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How to overcome barriers to adopting AI technology in long-term care

A recent survey we conducted at MatrixCare indicated that a large number of healthcare providers believe new artificial intelligence (AI) technology can be used to improve patient outcomes. But when we asked how many have actually started using AI tools, most said they haven’t. I’m going to look at ways to overcome some of the barriers that keep long-term care providers from using AI.

The future of AI in healthcare

AI is already transforming long-term care. From software that can use a phone photo to measure the area and depth of a wound to track healing, to radar that can detect and identify people in a room and watch for falls, there are many AI-enabled tools already available. And more of these tools are coming. AI can empower your clinical staff with easier access to key data, and is already helping improve clinical efficiency and patient and resident outcomes. That means it’s important to understand best practices for implementing new AI technology and learn how your organization can benefit from it.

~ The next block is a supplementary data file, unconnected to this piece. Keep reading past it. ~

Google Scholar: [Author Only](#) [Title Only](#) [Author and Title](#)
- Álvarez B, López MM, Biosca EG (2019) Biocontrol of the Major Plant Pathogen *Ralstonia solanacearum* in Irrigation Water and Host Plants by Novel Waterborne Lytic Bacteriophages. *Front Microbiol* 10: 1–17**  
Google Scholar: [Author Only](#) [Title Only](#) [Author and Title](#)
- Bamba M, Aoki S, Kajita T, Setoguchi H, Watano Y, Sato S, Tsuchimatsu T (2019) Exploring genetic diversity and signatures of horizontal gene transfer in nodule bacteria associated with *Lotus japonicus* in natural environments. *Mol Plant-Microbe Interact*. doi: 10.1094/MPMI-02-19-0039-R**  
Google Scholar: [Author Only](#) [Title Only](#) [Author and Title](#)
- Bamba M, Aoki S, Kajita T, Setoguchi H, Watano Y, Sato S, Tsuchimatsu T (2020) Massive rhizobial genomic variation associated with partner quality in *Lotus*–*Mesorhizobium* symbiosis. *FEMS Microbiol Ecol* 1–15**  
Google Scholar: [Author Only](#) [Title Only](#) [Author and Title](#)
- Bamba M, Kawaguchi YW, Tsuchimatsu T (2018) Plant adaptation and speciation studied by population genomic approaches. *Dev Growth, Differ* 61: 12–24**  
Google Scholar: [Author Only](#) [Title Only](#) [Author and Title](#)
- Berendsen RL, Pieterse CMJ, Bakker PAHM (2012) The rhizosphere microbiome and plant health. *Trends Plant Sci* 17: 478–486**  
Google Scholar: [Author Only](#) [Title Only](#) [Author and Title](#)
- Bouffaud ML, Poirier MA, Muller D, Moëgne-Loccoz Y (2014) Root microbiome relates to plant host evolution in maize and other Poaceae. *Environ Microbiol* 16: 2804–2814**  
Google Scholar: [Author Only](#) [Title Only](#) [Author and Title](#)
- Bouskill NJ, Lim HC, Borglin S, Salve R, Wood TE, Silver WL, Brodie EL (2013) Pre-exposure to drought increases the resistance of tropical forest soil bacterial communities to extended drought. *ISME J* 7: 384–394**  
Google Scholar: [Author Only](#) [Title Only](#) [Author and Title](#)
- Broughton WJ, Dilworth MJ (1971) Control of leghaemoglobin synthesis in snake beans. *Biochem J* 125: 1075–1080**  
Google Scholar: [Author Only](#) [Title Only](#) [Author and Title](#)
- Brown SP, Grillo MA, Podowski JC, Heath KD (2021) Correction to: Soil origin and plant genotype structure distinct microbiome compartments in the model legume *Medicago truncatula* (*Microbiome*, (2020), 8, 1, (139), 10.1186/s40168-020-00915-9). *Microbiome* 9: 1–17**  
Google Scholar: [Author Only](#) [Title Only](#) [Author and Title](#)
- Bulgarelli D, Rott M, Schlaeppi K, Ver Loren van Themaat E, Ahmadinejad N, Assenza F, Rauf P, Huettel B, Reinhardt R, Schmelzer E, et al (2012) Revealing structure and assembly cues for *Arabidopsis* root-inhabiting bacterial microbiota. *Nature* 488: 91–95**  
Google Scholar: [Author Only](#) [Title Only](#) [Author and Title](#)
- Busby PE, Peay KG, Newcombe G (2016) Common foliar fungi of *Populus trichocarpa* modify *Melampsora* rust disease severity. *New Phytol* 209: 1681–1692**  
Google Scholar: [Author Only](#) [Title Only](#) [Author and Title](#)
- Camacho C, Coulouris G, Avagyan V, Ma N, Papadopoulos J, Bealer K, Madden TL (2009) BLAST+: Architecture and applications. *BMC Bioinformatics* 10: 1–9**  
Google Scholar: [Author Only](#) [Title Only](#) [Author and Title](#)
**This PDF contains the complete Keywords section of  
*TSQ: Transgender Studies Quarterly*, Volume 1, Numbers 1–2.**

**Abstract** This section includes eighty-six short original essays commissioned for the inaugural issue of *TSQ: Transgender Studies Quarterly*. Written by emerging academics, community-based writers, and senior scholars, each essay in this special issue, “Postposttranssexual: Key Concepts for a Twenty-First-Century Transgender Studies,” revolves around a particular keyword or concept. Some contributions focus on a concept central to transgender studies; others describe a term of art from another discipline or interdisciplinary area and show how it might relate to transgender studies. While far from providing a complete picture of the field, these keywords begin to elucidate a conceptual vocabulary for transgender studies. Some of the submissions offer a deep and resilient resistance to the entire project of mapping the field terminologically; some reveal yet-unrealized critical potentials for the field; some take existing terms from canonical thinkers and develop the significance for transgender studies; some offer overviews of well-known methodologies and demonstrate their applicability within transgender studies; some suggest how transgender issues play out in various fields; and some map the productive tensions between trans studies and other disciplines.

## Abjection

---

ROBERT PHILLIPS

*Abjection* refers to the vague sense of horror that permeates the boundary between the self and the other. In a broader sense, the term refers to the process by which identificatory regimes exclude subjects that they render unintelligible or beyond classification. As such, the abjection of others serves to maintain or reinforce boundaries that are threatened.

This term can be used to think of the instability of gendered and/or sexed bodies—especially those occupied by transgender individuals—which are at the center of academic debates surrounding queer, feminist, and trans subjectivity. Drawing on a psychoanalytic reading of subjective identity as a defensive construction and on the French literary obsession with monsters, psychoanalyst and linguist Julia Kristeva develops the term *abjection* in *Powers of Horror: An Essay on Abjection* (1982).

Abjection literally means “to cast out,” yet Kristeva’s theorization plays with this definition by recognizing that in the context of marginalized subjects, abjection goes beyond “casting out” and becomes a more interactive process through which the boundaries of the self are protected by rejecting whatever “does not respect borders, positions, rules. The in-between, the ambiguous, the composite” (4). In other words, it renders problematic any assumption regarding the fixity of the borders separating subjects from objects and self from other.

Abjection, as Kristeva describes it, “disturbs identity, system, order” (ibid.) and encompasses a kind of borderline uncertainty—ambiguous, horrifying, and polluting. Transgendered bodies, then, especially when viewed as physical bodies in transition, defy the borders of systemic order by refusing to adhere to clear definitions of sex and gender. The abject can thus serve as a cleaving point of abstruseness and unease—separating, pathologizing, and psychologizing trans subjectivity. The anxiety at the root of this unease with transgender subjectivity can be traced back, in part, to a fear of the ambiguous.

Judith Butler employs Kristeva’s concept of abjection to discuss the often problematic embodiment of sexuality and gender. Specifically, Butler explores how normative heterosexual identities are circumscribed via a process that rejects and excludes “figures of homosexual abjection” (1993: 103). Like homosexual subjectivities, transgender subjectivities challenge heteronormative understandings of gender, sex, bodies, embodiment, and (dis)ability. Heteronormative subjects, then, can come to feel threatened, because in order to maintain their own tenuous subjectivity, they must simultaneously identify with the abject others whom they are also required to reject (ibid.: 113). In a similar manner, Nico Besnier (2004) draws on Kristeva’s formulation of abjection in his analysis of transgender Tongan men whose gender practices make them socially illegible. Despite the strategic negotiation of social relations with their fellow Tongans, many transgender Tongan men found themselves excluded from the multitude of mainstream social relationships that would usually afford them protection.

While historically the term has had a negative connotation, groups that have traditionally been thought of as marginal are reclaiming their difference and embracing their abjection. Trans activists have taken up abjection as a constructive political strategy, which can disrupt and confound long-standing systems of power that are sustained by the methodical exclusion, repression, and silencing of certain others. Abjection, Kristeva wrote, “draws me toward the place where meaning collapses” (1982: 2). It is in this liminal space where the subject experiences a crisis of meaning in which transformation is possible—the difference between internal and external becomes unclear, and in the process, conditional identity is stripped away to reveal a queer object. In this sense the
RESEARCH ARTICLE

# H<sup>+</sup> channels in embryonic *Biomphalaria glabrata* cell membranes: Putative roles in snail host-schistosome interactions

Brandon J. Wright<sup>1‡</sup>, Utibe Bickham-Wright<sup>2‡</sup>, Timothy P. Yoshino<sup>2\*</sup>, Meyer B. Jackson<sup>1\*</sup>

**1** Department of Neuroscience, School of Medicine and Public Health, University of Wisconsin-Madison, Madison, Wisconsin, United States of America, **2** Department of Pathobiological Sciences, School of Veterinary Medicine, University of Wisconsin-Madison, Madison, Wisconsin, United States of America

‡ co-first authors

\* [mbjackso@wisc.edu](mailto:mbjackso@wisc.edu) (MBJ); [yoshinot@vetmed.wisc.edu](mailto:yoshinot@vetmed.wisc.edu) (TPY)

First things first: Set clear goals

Some organizations may be tempted to implement a new AI tool just for the sake of getting new technology. But the first and most important aspect of adding AI technology is to have clear goals. And these goals should not be technology related. A better approach is to look at your whole organization and set an overarching goal such as reducing falls, improving antibiotic stewardship, or lowering readmissions.